A decade into the era of direct-to consumer (DTC) brands, to call the market saturated would be an understatement. There is a digital upstart ready to fulfil consumers’ every need. Where unknown brands once distinguished themselves by making the “best” eyeglasses or cheapest premium mattress, standing out in a crowded field requires additional layers of branding: lingerie brands promise to empower customers with lacey bralettes and virtual fireside chats with “badass women,” rainbow bamboo toothbrushes support LGBTQ rights while cutting down on the use of plastics, vegan, cruelty-free cosmetics lines pledge a portion of sales to save the elephants.
Consumers have largely rewarded these efforts. DTC e-commerce sales in 2020 were estimated to reach nearly $18 billion, a 24 percent increase from the year prior, according to Insider Intelligence. The research firm predicts sales will grow an additional 19 percent this year.
As the pandemic forced retail stores to close and disrupted sprawling supply chains, investors are now more discerning about the fashion and beauty DTC space.
But consumers are fatiguing of the pastel-coloured, minimalist brands with sans serif logos targeting Millennial urban-dwellers. Meanwhile, brands can no longer rely on targeted social media advertising buys alone to drive sales, a formula previous generations of DTC brands perfected. Spending an outsized portion of marketing budgets on paid customer acquisition — coupled with changes to data privacy practices that make it more difficult to target individual customers — means typical performance marketing is outdated.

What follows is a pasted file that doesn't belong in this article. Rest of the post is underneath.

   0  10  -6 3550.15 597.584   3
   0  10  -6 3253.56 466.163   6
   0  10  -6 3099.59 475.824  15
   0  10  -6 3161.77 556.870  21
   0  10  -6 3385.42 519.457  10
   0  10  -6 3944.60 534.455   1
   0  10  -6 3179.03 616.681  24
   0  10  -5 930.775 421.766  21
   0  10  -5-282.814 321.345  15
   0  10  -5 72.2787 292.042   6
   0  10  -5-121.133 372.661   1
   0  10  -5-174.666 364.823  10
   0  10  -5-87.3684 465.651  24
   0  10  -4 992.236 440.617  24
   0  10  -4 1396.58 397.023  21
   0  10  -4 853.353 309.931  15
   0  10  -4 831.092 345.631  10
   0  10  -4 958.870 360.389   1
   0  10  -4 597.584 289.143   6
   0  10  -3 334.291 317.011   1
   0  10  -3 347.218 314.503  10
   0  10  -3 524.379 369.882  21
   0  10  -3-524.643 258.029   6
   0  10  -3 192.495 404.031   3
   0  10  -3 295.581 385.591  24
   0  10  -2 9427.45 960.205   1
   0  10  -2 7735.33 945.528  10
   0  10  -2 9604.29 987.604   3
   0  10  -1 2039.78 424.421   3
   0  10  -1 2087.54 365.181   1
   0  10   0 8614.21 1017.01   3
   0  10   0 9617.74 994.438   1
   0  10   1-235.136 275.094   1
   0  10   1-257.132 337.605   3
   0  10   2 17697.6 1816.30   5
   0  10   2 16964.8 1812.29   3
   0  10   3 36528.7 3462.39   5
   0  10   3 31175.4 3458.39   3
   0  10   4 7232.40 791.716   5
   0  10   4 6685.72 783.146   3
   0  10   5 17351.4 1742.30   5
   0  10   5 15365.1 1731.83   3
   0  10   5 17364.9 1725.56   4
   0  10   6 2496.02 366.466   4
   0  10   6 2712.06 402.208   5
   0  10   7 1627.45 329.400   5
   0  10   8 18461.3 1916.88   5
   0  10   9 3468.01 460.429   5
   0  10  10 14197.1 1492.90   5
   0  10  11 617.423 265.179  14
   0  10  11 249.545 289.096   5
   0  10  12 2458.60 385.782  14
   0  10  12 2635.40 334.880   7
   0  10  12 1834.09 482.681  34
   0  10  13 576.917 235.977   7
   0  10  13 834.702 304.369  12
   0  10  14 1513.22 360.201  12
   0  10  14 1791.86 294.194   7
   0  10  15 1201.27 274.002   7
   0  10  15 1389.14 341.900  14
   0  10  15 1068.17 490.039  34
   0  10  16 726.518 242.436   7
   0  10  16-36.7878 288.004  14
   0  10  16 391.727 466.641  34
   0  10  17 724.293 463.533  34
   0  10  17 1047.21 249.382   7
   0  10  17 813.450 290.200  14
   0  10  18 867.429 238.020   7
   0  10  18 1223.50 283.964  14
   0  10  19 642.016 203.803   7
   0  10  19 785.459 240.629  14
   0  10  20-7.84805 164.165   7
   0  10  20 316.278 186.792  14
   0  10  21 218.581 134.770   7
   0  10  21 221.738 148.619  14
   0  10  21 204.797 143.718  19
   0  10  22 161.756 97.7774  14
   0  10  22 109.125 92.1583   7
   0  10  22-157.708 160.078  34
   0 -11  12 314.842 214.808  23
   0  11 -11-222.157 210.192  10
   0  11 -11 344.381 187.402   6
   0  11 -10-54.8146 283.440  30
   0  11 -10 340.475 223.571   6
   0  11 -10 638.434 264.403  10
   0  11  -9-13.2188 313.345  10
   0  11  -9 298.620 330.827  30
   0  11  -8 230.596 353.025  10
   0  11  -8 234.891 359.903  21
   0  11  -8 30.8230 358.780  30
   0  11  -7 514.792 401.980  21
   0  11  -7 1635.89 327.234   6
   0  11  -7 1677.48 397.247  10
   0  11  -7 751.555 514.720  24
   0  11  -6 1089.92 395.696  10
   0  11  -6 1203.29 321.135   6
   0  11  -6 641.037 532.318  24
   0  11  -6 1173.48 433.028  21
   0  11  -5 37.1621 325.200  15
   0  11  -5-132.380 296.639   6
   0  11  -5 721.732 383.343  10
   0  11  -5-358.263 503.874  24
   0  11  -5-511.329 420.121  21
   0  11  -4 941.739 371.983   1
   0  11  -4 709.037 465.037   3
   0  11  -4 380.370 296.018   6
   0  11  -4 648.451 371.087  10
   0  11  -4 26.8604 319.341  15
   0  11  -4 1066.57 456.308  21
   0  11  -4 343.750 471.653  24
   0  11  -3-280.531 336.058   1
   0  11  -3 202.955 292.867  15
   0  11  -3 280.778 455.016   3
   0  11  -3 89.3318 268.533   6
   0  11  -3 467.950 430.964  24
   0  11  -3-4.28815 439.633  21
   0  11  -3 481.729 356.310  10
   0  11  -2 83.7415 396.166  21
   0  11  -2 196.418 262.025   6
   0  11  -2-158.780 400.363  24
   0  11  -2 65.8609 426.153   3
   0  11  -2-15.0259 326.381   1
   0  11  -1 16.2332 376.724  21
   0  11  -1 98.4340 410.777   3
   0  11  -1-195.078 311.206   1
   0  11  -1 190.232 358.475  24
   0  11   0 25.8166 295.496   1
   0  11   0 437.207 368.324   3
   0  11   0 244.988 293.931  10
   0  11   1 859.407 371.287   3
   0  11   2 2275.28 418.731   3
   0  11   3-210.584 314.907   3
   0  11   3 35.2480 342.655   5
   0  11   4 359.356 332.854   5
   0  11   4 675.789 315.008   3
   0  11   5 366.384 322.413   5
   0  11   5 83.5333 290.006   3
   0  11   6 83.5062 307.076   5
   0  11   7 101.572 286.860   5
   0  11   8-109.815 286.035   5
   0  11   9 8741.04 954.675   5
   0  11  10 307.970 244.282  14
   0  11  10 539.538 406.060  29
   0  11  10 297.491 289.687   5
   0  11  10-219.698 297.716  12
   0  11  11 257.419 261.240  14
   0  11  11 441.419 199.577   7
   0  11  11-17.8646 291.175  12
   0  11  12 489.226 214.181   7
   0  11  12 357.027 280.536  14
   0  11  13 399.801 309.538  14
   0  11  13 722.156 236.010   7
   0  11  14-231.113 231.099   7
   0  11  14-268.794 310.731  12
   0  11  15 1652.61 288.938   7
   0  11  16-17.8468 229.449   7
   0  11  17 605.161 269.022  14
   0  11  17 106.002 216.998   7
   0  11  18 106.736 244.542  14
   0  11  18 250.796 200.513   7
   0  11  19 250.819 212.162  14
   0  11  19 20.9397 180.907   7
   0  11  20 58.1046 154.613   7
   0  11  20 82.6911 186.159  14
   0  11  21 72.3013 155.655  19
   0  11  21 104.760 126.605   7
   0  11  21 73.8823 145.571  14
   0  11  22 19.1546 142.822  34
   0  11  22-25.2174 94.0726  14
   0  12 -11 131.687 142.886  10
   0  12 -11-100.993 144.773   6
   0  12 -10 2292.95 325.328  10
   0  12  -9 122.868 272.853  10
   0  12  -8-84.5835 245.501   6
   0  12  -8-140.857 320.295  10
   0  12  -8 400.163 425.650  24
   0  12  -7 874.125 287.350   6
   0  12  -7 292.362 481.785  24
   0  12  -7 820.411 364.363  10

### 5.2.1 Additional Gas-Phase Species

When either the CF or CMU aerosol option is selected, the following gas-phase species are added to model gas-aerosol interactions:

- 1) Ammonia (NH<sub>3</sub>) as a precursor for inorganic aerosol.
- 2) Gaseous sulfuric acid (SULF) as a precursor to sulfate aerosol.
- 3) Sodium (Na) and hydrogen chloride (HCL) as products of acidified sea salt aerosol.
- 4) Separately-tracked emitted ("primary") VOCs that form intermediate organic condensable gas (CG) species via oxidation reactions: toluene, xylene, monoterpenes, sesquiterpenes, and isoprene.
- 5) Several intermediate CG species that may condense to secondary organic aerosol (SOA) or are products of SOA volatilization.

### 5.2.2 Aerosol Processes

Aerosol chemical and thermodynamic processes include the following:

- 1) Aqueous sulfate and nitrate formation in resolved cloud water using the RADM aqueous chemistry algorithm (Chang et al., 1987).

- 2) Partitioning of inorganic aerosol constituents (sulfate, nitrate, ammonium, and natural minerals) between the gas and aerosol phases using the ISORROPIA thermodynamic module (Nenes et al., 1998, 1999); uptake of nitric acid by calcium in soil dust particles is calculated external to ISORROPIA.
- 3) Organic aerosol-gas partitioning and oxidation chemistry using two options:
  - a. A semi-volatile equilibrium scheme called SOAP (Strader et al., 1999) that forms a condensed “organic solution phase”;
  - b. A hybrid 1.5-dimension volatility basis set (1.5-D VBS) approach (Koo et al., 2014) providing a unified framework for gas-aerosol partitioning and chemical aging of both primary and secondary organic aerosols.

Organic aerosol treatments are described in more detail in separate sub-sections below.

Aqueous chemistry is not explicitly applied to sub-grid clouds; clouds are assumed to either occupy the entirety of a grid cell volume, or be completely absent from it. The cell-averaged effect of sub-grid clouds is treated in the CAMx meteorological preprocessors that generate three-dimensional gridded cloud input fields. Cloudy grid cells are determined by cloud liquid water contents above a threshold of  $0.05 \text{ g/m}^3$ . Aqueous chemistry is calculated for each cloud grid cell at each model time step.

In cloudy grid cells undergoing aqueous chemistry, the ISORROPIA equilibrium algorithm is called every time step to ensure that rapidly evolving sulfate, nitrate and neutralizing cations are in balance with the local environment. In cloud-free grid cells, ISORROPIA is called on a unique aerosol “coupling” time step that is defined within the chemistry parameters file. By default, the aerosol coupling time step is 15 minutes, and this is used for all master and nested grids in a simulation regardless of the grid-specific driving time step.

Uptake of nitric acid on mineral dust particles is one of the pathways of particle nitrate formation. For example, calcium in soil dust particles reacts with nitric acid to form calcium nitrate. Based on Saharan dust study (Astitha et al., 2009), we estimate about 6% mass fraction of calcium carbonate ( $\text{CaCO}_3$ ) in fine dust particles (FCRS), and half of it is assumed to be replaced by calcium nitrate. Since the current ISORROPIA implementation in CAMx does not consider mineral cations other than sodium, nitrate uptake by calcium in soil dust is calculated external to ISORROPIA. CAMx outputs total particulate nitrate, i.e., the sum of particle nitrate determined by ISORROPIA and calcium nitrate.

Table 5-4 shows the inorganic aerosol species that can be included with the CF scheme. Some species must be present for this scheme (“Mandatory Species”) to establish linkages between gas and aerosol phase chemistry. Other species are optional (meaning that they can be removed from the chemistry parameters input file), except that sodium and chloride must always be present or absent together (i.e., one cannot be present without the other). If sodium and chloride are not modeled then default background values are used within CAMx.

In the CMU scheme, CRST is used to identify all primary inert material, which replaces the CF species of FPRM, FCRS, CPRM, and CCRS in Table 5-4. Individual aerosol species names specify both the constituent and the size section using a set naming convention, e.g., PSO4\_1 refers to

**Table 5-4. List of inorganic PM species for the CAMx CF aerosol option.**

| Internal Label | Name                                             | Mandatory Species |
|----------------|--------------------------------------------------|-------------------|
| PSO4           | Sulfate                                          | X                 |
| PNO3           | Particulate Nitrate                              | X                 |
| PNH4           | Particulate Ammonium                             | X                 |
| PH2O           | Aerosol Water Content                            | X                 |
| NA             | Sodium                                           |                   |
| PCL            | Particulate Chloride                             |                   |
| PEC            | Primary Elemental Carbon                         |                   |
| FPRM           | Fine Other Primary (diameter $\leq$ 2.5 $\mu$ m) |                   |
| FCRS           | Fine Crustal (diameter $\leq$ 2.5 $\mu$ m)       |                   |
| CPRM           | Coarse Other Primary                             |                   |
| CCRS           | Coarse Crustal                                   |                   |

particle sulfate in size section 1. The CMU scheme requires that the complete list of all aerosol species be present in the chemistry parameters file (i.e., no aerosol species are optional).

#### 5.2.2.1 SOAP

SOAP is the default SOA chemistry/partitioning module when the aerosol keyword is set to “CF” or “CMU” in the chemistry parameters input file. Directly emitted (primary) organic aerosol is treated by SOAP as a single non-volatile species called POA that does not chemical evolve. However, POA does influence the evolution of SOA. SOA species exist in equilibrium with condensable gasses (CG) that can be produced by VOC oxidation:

As the DTC market has matured, so too has its approach to marketing. An update to the textbook “Four Ps” of marketing — a set of principles that guided brand marketing for decades — is emerging, creating a new rubric for measuring marketing success.
This case study will map out how changes in consumer purchasing behaviour and expectations have necessitated an evolution to the DTC marketing playbook. It will outline some of the primary tenets of DTC marketing and explain how to break the mould (and therefore break through the noise) in the particularly crowded fashion, beauty and lifestyle DTC space. To illustrate these techniques, this case study will explain how five relatively new apparel, wellness and beauty brands grew quickly and attracted attention from consumers and investors. They serve as examples of how to adapt the old playbook for the future.
Click below to read the case study now.
To dive deeper on this topic, you are also invited to join us on Tuesday March 23 at 16:00 GMT / 11:00 EST for a member exclusive #BoFLIVE event on The New Era of DTC Marketing: a panel discussion hosted by the case study author Alexandra Mondalek, speaking with Olivia Yallop, Creative Director at The Digital Fairy and Maeva Heim, Founder & CEO of Bread Beauty Supply.
Created exclusively for BoF Professional members, case studies explore the important challenges facing the industry today. Discover more case studies and reports from The Business of Fashion here.